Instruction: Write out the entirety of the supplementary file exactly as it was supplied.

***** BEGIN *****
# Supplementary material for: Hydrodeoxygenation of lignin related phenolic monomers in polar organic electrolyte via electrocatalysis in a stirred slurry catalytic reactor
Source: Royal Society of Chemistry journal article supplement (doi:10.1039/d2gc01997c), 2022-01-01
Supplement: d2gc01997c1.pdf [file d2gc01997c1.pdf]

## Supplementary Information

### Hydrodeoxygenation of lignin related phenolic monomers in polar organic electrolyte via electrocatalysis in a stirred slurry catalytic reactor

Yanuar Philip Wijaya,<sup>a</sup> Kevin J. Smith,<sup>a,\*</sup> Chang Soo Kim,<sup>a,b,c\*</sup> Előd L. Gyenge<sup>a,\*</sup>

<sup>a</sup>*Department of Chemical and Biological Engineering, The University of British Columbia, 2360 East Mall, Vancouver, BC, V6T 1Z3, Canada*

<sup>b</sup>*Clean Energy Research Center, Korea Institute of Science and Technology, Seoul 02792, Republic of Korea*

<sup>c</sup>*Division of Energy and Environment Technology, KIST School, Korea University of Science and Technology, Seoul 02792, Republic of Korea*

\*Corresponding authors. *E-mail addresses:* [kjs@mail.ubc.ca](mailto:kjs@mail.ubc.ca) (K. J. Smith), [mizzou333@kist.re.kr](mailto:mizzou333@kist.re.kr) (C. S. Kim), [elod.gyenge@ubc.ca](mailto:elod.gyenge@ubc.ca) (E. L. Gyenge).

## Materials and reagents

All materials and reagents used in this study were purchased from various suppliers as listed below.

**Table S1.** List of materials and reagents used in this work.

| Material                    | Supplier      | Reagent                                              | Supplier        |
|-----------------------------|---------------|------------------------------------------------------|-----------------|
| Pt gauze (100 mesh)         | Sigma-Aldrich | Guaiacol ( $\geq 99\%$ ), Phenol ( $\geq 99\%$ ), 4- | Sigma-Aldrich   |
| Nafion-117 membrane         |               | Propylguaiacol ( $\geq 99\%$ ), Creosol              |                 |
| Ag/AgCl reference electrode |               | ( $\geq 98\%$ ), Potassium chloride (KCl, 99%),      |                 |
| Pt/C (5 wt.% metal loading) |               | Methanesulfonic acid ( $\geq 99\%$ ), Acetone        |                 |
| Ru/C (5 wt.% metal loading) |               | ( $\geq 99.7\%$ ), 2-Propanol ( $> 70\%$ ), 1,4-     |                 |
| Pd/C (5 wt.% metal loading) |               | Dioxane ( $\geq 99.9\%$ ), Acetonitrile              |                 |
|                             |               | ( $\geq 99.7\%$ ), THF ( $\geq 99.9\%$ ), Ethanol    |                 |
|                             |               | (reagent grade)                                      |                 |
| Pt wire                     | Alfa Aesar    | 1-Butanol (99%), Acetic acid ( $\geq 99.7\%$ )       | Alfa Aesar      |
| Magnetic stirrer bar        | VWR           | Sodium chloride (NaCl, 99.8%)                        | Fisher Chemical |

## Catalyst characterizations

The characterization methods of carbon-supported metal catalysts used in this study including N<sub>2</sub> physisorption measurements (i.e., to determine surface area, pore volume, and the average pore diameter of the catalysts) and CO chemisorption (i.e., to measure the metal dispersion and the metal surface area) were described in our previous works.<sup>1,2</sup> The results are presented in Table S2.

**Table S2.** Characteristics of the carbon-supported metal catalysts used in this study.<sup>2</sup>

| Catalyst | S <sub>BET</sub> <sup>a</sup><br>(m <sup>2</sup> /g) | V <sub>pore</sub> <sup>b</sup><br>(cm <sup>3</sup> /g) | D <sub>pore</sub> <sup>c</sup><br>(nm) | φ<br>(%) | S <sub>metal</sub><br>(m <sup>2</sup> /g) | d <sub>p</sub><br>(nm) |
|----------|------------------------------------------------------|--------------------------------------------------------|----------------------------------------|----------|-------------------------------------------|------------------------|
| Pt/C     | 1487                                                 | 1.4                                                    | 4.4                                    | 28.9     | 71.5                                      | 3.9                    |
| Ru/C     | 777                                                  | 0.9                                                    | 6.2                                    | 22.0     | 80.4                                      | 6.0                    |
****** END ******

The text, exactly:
# Supplementary material for: Hydrodeoxygenation of lignin related phenolic monomers in polar organic electrolyte via electrocatalysis in a stirred slurry catalytic reactor
Source: Royal Society of Chemistry journal article supplement (doi:10.1039/d2gc01997c), 2022-01-01
Supplement: d2gc01997c1.pdf [file d2gc01997c1.pdf]

## Supplementary Information

### Hydrodeoxygenation of lignin related phenolic monomers in polar organic electrolyte via electrocatalysis in a stirred slurry catalytic reactor

Yanuar Philip Wijaya,<sup>a</sup> Kevin J. Smith,<sup>a,\*</sup> Chang Soo Kim,<sup>a,b,c\*</sup> Előd L. Gyenge<sup>a,\*</sup>

<sup>a</sup>*Department of Chemical and Biological Engineering, The University of British Columbia, 2360 East Mall, Vancouver, BC, V6T 1Z3, Canada*

<sup>b</sup>*Clean Energy Research Center, Korea Institute of Science and Technology, Seoul 02792, Republic of Korea*

<sup>c</sup>*Division of Energy and Environment Technology, KIST School, Korea University of Science and Technology, Seoul 02792, Republic of Korea*

\*Corresponding authors. *E-mail addresses:* [kjs@mail.ubc.ca](mailto:kjs@mail.ubc.ca) (K. J. Smith), [mizzou333@kist.re.kr](mailto:mizzou333@kist.re.kr) (C. S. Kim), [elod.gyenge@ubc.ca](mailto:elod.gyenge@ubc.ca) (E. L. Gyenge).

## Materials and reagents

All materials and reagents used in this study were purchased from various suppliers as listed below.

**Table S1.** List of materials and reagents used in this work.

| Material                    | Supplier      | Reagent                                              | Supplier        |
|-----------------------------|---------------|------------------------------------------------------|-----------------|
| Pt gauze (100 mesh)         | Sigma-Aldrich | Guaiacol ( $\geq 99\%$ ), Phenol ( $\geq 99\%$ ), 4- | Sigma-Aldrich   |
| Nafion-117 membrane         |               | Propylguaiacol ( $\geq 99\%$ ), Creosol              |                 |
| Ag/AgCl reference electrode |               | ( $\geq 98\%$ ), Potassium chloride (KCl, 99%),      |                 |
| Pt/C (5 wt.% metal loading) |               | Methanesulfonic acid ( $\geq 99\%$ ), Acetone        |                 |
| Ru/C (5 wt.% metal loading) |               | ( $\geq 99.7\%$ ), 2-Propanol ( $> 70\%$ ), 1,4-     |                 |
| Pd/C (5 wt.% metal loading) |               | Dioxane ( $\geq 99.9\%$ ), Acetonitrile              |                 |
|                             |               | ( $\geq 99.7\%$ ), THF ( $\geq 99.9\%$ ), Ethanol    |                 |
|                             |               | (reagent grade)                                      |                 |
| Pt wire                     | Alfa Aesar    | 1-Butanol (99%), Acetic acid ( $\geq 99.7\%$ )       | Alfa Aesar      |
| Magnetic stirrer bar        | VWR           | Sodium chloride (NaCl, 99.8%)                        | Fisher Chemical |

## Catalyst characterizations

The characterization methods of carbon-supported metal catalysts used in this study including N<sub>2</sub> physisorption measurements (i.e., to determine surface area, pore volume, and the average pore diameter of the catalysts) and CO chemisorption (i.e., to measure the metal dispersion and the metal surface area) were described in our previous works.<sup>1,2</sup> The results are presented in Table S2.

**Table S2.** Characteristics of the carbon-supported metal catalysts used in this study.<sup>2</sup>

| Catalyst | S <sub>BET</sub> <sup>a</sup><br>(m <sup>2</sup> /g) | V <sub>pore</sub> <sup>b</sup><br>(cm <sup>3</sup> /g) | D <sub>pore</sub> <sup>c</sup><br>(nm) | φ<br>(%) | S <sub>metal</sub><br>(m <sup>2</sup> /g) | d <sub>p</sub><br>(nm) |
|----------|------------------------------------------------------|--------------------------------------------------------|----------------------------------------|----------|-------------------------------------------|------------------------|
| Pt/C     | 1487                                                 | 1.4                                                    | 4.4                                    | 28.9     | 71.5                                      | 3.9                    |
| Ru/C     | 777                                                  | 0.9                                                    | 6.2                                    | 22.0     | 80.4                                      | 6.0                    |